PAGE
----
The financial sector is one of the industries most targeted by malware and related malicious actors. The reason is easy to understand: Malware is used to infect computer systems in this field for the express purpose of stealing money from unsuspecting bankers and individuals. It's therefore crucial for companies in the financial sector to invest in the best cyber security tools available in order to protect the money and important confidential information their servers store.
One of the latest malware attacks comes in the form of a malicious program called Dridex. The Guardian's Alex Hern stated in October 2015 that the malware can upload, download and run programs, not to mention take screenshots of the websites being visited. CNBC contributor Arjun Kharpal reported around the same time that hackers had used the program to steal $30.7 million from banks across Europe, specifically in the U.K.
Despite the fact that this event occurred in late 2015, the malware's work isn't done, it seems. According to The Register contributor Darren Pauli, a hacker group called Evil Corp has revamped the malicious program and started pitting it against financial institutions in the U.K. once again. The malware is clearly becoming a serious problem within the industry, and actions taken by the FBI and the U.K.'s National Crime Agency have only been able to slow the spread of the infection instead of getting rid of it entirely.
How does Dridex work?
Hern noted that the malware comes in the form of false emails that have an infected Microsoft Office file attached. These deleterious files are usually either a Microsoft Word or Microsoft Excel document, and they contain a macro program that triggers the install of Dridex when downloaded. Dridex relies on its ability to install and run on infected computers based on legitimate vectors. The program has so far only affected users of Windows machines, instead of ones that run Mac OS X or Chrome OS. It can't load on mobile devices, either.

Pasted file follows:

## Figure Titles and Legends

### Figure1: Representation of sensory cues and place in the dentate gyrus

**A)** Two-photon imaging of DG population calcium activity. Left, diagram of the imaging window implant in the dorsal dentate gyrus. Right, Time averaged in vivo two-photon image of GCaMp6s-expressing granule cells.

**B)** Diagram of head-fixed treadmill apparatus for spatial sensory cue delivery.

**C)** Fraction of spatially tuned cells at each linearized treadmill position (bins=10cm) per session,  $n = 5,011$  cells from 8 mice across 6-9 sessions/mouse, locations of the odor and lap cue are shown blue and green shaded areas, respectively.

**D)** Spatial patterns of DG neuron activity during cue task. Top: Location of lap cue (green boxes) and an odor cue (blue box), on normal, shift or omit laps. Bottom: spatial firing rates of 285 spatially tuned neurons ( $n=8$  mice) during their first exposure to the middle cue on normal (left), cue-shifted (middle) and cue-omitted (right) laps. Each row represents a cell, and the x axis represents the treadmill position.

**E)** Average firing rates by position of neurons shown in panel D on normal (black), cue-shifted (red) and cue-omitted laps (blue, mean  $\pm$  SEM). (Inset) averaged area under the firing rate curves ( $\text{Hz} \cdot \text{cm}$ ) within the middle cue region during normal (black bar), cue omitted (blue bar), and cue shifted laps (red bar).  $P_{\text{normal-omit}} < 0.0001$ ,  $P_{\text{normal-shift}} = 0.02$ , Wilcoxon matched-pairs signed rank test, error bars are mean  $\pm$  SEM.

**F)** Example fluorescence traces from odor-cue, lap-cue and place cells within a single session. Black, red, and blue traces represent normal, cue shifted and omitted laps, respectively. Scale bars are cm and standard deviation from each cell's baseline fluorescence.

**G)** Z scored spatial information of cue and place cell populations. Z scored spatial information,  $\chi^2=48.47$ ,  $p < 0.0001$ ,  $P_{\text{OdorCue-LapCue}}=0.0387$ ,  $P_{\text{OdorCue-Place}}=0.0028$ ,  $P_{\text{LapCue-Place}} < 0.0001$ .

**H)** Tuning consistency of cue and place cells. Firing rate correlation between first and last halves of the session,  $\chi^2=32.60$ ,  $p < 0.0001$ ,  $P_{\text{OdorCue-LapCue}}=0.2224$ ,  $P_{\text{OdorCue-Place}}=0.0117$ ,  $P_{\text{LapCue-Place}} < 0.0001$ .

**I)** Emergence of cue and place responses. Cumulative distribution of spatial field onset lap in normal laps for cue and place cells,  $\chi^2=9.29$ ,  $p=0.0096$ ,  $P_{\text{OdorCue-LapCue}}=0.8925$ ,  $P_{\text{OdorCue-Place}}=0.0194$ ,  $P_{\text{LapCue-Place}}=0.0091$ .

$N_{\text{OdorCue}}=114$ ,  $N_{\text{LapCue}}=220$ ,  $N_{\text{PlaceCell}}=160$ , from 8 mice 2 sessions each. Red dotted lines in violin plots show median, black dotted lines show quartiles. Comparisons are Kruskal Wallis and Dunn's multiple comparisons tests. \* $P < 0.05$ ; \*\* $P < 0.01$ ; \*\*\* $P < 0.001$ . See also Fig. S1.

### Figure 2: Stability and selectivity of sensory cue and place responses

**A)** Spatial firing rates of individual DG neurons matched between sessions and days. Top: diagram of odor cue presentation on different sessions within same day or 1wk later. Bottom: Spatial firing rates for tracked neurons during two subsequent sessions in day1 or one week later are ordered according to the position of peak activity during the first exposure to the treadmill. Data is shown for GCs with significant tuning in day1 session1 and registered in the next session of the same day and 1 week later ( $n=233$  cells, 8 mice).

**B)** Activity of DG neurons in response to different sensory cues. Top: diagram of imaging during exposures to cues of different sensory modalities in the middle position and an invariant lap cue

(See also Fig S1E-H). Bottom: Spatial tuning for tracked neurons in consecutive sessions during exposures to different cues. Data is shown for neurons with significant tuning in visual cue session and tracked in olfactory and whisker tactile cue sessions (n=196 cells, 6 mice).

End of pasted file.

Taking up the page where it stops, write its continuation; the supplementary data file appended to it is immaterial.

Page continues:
The most recent version of Dridex reported on by Pauli is placed over a botnet called Andromeda and used to send emails that look like business invoices. However, when these links are clicked, the malware is downloaded to the system and used to redirect customers to false sites that look just like the banks', where Dridex steals their money.
"By keeping the victim away from the bank's site, the fraudster can deceive them into divulging critical authentication codes without the bank knowing that the customer's session has been compromised," said IBM threat analyst Limor Kessem.
Other malware to take note of
Dridex isn't the only malicious program stealing banking credentials from customers around the world. According to Security Intelligence contributor Douglas Bonderud, the malware Tinybanker (Tinba) that first surfaced in 2012 made a comeback in November 2015. This is the fifth version of the Tinba trojan, called Tinbapore, and it targets banks in Singapore and other Asia-Pacific countries. This malicious program only takes up 20 kilobytes of space on the hard drives of unsuspecting banking customers, but it's able to hook into the root files of programs like Windows Explorer and Web browsers.
Bonderud points out that financial institutions are falling victim to these kinds of attacks for a lot of reasons, but one of the biggest concerns is that they aren't following best practices when it comes to making sure the requests they're receiving are coming from legitimate customers.
"[T]hey're only asking for the account number and date of birth to confirm identity and aren't using secure URLs," Bonderud wrote. "While some leverage two-factor authentication, many send one-time codes via text message, which can be intercepted and used by malicious actors. And in some cases, banks redirect to third-party confirmation sites that seem more like phishing grounds than legitimate fact-checking tools."
What can be done to combat this issue?
Dridex is turning out to be a resilient form of malware that keeps coming back. In November, Trend Micro researchers documented a resurgence in the program despite the mid-October takedown organized by the FBI. The takeaway from this particular version of Dridex was that no matter what actions are taken, if the malware exists in some form, the threat won't be completely eliminated.
"Taking down servers is a significant step in crippling botnets, but unless all infrastructure are destroyed and all threat actors are caught, threats like Dridex are bound to resurface," threat research manager Ryan Flores wrote in November. "As such, it is the responsibility of security researchers to continually monitor threats after takedowns and collaborate to eventually destroy them."